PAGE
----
‫ Database Security: Threats and Challenges (Part 2)

Number:     IRCAR201408230
Date: 2014-08-19
In the previous part of this article, we studied about some security threats to database. Other types of database security threats are described.
C.    Privilege Elevation
Sometimes there are vulnerabilities in database software and attackers may take advantage of that to convert their access privileges from an ordinary user to those of an administrator, which could result in bogus accounts, transfer of funds, and misinterpretation of certain sensitive analytical information. A database rootkit is such a program or a procedure that is hidden inside the database and that provides administrator-level privileges to gain access to the data in the database. These rootkits may even turn off alerts triggered by Intrusion Prevention Systems (IPS). It is possible to install a rootkit only after compromising the underlying operating system.
D.    Platform Vulnerabilities
Vulnerabilities in operating systems and additional services installed on a database server may lead to unauthorized access, data corruption, or denial of service. For example, the Blaster Worm took advantage of a Windows 2000 vulnerability to create denial of service conditions.
E.    Inference
Even in secure DBMSs, it is possible for users to draw inferences from the information they obtain from the database. A user can draw inference from a database when the user can guess or conclude more sensitive information from the retrieved information from the database or additionally with some prior knowledge. An inference presents a security breach if more highly classified information can be inferred from less classified information. There are two important cases of the inference problem, which often arise in database systems.
1)            Aggregation problem: occurs when a collection of data items is more sensitive i.e. classified at a higher level than the levels of individual data items. For example in an organization the profit of each branch is not sensitive but total profit of organization is at higher level of classification.
2)            Data association problem: occurs whenever two values seen together are classified at a higher level than the classification of either value individually. As an example, the list containing the names of all employees and the list containing all employee salaries are unclassified, while a combined list giving employee names with their salaries is classified.
F.    SQL Injection
In a SQL injection attack, an attacker typically inserts (or “injects”) unauthorized SQL statements into a vulnerable SQL data channel. Typically targeted data channels include stored procedures and Web application input parameters. These injected statements are then passed to the database where they are executed. For example in a web application the user inserts a query instead of his name. Using SQL injection, attackers may gain unrestricted access to an entire database.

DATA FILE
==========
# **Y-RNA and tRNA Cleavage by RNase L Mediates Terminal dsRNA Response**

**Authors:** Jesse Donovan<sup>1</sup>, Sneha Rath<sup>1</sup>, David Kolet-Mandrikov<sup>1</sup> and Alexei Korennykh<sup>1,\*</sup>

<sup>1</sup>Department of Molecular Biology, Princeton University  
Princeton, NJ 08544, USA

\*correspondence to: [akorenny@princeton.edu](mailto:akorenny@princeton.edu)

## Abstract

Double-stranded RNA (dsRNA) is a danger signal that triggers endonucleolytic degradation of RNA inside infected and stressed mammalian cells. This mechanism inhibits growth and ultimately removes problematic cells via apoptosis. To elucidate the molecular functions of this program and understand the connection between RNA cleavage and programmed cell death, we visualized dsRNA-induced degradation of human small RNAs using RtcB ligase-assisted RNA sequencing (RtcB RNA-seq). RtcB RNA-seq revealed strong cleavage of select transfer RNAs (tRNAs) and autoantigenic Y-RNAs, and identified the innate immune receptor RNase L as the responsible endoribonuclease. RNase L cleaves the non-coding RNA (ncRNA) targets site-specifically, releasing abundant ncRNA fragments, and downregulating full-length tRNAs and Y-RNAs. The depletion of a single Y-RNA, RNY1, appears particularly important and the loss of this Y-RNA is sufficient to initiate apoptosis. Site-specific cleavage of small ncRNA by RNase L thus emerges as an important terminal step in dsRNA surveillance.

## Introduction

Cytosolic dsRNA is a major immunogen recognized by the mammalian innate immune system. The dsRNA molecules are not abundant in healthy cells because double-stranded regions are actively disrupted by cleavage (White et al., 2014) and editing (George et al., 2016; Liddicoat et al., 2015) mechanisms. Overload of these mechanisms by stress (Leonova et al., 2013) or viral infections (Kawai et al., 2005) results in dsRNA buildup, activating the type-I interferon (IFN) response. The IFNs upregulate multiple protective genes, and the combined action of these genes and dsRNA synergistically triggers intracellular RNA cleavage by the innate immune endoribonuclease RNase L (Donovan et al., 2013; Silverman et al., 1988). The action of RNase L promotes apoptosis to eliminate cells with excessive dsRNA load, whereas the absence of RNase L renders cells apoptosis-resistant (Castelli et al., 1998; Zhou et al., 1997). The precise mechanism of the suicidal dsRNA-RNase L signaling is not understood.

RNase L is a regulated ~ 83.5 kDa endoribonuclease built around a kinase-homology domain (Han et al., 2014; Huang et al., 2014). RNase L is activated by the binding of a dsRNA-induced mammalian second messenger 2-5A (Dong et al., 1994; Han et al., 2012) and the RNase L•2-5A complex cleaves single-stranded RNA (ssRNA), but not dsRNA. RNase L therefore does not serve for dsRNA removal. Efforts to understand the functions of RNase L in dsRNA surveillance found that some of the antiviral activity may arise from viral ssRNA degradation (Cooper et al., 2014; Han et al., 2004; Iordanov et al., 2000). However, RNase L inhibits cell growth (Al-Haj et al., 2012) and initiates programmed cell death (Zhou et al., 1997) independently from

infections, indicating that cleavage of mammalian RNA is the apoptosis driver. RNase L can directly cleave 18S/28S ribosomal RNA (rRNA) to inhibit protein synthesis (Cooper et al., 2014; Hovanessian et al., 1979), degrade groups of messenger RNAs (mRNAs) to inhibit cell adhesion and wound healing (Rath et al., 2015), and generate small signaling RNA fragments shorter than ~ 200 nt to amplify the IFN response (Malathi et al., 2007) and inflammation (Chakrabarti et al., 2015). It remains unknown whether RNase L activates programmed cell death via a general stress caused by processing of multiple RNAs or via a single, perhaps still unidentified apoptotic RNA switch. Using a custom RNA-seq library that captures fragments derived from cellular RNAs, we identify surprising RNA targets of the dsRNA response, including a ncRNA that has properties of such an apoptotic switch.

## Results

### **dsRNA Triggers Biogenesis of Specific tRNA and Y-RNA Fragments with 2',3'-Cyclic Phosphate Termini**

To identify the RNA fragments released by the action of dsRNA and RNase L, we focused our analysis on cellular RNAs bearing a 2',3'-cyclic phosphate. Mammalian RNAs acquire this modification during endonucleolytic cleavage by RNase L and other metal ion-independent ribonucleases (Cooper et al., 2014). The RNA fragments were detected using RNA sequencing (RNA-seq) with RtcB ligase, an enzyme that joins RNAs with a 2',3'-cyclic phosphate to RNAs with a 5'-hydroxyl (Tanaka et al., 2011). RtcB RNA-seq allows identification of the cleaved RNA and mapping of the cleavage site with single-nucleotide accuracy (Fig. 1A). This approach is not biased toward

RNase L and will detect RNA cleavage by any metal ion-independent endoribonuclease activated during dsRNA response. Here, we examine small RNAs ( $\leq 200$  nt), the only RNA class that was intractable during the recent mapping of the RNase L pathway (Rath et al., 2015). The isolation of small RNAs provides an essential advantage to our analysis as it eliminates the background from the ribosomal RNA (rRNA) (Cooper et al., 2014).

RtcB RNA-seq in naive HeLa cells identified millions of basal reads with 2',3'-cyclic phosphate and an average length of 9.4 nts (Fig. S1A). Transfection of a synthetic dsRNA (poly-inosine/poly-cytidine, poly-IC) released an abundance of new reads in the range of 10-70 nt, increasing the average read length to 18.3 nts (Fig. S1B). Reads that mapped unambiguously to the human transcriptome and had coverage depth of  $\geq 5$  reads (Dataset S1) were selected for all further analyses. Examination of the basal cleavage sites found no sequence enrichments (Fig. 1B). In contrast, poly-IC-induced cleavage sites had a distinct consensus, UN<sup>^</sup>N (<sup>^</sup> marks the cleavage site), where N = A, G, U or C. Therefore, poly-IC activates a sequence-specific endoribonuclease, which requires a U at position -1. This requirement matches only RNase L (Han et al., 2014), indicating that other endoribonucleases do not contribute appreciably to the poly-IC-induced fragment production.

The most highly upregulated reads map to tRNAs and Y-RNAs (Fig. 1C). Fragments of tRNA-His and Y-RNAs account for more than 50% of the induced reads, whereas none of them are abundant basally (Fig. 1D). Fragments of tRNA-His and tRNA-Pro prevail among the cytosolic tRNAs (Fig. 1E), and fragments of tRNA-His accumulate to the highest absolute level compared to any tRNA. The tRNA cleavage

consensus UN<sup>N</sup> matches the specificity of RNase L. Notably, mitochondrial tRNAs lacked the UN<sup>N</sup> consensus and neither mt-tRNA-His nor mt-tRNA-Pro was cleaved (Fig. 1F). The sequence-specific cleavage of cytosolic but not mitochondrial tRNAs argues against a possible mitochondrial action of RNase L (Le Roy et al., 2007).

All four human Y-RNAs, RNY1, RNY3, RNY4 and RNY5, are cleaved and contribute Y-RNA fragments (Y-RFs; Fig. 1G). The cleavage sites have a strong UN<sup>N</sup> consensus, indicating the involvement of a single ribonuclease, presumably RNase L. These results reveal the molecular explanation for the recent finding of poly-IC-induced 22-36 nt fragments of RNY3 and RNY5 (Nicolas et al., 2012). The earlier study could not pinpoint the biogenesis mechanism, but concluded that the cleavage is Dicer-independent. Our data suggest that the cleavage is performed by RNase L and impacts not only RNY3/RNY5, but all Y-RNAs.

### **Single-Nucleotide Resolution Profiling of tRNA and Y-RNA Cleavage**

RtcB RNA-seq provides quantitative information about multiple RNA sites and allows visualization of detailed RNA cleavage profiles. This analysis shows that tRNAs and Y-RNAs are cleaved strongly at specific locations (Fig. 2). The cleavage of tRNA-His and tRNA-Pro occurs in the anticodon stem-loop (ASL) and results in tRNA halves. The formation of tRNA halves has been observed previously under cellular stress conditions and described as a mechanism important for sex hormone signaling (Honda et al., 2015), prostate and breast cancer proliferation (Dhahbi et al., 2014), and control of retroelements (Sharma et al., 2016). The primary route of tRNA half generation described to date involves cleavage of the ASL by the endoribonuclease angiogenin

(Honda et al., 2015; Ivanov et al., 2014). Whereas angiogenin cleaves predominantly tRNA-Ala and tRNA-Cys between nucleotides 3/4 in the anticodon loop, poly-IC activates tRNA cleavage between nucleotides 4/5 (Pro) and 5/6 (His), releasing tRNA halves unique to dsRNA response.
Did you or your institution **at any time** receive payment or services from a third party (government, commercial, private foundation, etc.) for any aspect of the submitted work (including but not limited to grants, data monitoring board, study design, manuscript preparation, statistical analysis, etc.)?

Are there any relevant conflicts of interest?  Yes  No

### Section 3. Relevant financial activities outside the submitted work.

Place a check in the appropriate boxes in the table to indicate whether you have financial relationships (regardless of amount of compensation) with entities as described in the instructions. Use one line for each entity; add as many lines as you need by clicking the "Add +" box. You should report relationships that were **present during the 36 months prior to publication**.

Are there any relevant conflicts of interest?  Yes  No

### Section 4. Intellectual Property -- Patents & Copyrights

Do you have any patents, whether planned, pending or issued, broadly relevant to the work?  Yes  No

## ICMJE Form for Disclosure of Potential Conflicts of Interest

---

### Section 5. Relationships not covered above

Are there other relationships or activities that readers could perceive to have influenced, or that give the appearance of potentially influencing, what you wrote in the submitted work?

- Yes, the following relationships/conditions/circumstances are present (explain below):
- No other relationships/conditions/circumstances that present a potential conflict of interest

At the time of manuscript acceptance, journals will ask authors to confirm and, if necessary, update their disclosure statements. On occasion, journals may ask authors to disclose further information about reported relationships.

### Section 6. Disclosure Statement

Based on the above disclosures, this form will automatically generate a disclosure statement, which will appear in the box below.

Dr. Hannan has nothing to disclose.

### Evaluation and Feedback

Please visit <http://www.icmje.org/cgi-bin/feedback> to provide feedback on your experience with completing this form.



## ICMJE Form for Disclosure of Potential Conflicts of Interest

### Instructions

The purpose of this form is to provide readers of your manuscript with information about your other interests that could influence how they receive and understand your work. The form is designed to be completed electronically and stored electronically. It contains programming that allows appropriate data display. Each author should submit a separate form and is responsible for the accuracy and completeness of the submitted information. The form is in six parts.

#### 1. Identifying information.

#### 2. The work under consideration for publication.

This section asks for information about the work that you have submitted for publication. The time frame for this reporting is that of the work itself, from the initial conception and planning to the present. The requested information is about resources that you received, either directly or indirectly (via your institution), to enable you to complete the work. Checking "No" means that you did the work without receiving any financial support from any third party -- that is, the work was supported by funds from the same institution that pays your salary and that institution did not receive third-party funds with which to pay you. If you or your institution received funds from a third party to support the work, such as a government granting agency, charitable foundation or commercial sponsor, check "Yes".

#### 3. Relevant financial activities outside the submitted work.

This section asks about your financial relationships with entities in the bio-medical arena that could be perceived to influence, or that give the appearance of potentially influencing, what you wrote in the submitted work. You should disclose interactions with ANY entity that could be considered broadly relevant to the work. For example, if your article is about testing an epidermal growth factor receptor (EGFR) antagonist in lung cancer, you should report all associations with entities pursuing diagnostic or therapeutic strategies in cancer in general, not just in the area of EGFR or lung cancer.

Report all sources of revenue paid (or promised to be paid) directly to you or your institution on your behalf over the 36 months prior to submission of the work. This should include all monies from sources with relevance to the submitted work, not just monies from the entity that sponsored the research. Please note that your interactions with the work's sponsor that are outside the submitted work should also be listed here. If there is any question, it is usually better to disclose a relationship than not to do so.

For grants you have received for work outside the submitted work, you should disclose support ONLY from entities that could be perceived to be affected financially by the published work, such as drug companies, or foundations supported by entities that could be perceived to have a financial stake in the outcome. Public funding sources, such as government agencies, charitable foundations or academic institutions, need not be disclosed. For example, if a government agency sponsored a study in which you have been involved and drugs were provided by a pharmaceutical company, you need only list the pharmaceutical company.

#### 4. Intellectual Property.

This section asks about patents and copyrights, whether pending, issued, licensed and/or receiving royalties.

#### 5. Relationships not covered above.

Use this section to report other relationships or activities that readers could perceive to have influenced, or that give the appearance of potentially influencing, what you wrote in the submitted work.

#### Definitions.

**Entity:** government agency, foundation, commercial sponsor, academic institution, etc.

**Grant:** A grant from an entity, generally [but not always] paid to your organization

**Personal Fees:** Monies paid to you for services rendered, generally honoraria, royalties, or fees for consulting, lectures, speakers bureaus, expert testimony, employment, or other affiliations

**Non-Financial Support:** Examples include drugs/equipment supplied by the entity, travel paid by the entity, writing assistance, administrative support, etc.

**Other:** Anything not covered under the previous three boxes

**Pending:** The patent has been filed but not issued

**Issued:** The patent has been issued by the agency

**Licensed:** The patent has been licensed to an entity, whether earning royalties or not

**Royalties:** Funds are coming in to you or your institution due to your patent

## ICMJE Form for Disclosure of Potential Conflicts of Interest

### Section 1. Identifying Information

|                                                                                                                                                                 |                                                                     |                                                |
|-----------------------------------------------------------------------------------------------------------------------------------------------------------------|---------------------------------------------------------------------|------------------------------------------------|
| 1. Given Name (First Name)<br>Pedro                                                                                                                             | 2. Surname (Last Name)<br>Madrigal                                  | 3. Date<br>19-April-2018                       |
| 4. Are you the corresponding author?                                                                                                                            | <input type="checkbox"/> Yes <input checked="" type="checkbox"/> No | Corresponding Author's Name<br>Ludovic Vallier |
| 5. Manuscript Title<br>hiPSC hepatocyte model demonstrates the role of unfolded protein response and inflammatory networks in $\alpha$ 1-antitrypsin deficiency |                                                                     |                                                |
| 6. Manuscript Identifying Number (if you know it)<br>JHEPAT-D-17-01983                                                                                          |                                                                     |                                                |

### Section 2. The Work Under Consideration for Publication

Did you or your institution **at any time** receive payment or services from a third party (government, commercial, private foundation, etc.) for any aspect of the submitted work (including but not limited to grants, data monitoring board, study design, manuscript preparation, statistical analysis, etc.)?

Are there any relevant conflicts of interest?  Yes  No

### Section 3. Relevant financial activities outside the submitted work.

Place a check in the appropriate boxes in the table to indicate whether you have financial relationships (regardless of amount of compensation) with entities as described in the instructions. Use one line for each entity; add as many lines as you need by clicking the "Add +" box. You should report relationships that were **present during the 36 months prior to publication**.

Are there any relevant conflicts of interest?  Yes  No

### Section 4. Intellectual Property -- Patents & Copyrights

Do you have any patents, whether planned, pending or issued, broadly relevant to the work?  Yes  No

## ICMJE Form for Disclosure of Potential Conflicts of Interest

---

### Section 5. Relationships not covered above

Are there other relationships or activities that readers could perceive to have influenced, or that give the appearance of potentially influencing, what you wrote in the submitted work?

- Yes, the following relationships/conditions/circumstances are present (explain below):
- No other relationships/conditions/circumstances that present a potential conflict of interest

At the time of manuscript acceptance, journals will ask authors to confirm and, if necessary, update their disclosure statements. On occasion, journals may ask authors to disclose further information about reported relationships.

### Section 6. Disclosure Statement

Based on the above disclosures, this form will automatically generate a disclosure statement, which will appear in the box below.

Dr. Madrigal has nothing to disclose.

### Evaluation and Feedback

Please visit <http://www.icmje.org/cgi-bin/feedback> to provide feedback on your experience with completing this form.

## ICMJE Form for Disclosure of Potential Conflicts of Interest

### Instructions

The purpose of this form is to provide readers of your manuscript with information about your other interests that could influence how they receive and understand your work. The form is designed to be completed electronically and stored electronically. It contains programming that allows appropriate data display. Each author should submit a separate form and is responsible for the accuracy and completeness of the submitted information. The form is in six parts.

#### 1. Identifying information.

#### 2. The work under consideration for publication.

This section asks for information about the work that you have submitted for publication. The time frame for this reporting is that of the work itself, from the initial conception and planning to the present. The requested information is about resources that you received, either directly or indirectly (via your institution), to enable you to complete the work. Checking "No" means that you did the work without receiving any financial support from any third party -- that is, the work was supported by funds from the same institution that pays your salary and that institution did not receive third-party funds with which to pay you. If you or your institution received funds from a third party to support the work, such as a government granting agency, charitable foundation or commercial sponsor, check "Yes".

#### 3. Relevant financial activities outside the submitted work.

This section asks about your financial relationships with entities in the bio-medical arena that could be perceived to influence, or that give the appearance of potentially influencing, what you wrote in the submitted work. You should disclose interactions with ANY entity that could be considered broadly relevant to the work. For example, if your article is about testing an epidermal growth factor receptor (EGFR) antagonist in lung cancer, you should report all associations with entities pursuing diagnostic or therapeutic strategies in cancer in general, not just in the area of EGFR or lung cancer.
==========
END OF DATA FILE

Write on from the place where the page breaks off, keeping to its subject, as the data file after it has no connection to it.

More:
G.    Unpatched DBMS
In database, as the vulnerabilities are kept changing that are being exploited by attackers, database vendors release patches so that sensitive information in databases remain protected from threats. Once these patches are released they should be patched immediately. If left unpatched, hackers can reverse engineer the patch, or can often find information online on how to exploit the unpatched vulnerabilities, leaving a DBMS even more vulnerable that before the patch was released.
H.    Unnecessary DBMS Features Enabled
In a DBMS there are many unneeded features which are enabled by default and which should be turned off otherwise they would be the reason for the most effective attacks on a database.
I.     Misconfigurations
Unnecessary features are left on because of poor configuration at the database level. Database misconfigurations provide weak access points for hackers to bypass authentication methods and gain access to sensitive information. These flaws become the main targets for criminals to execute certain types of attacks. Default settings may not have been properly re-set, unencrypted files may be accessible to non-privileged users, and unpatched flaws may lead to unauthorized access of sensitive data.
J.     Buffer Overflow
When a program or process tries to store more data in a buffer than it was intended to hold, this situation is called buffer overflow. Since buffers contains only a finite amount of data, the extra data - which has to go somewhere - can overflow into adjacent locations, corrupting or overwriting the valid data held in those locations. For example, a program is waiting for a user to enter his or her name. Rather than entering the name, the hacker would enter an executable command that exceeds the size of buffer. The command is usually something short.



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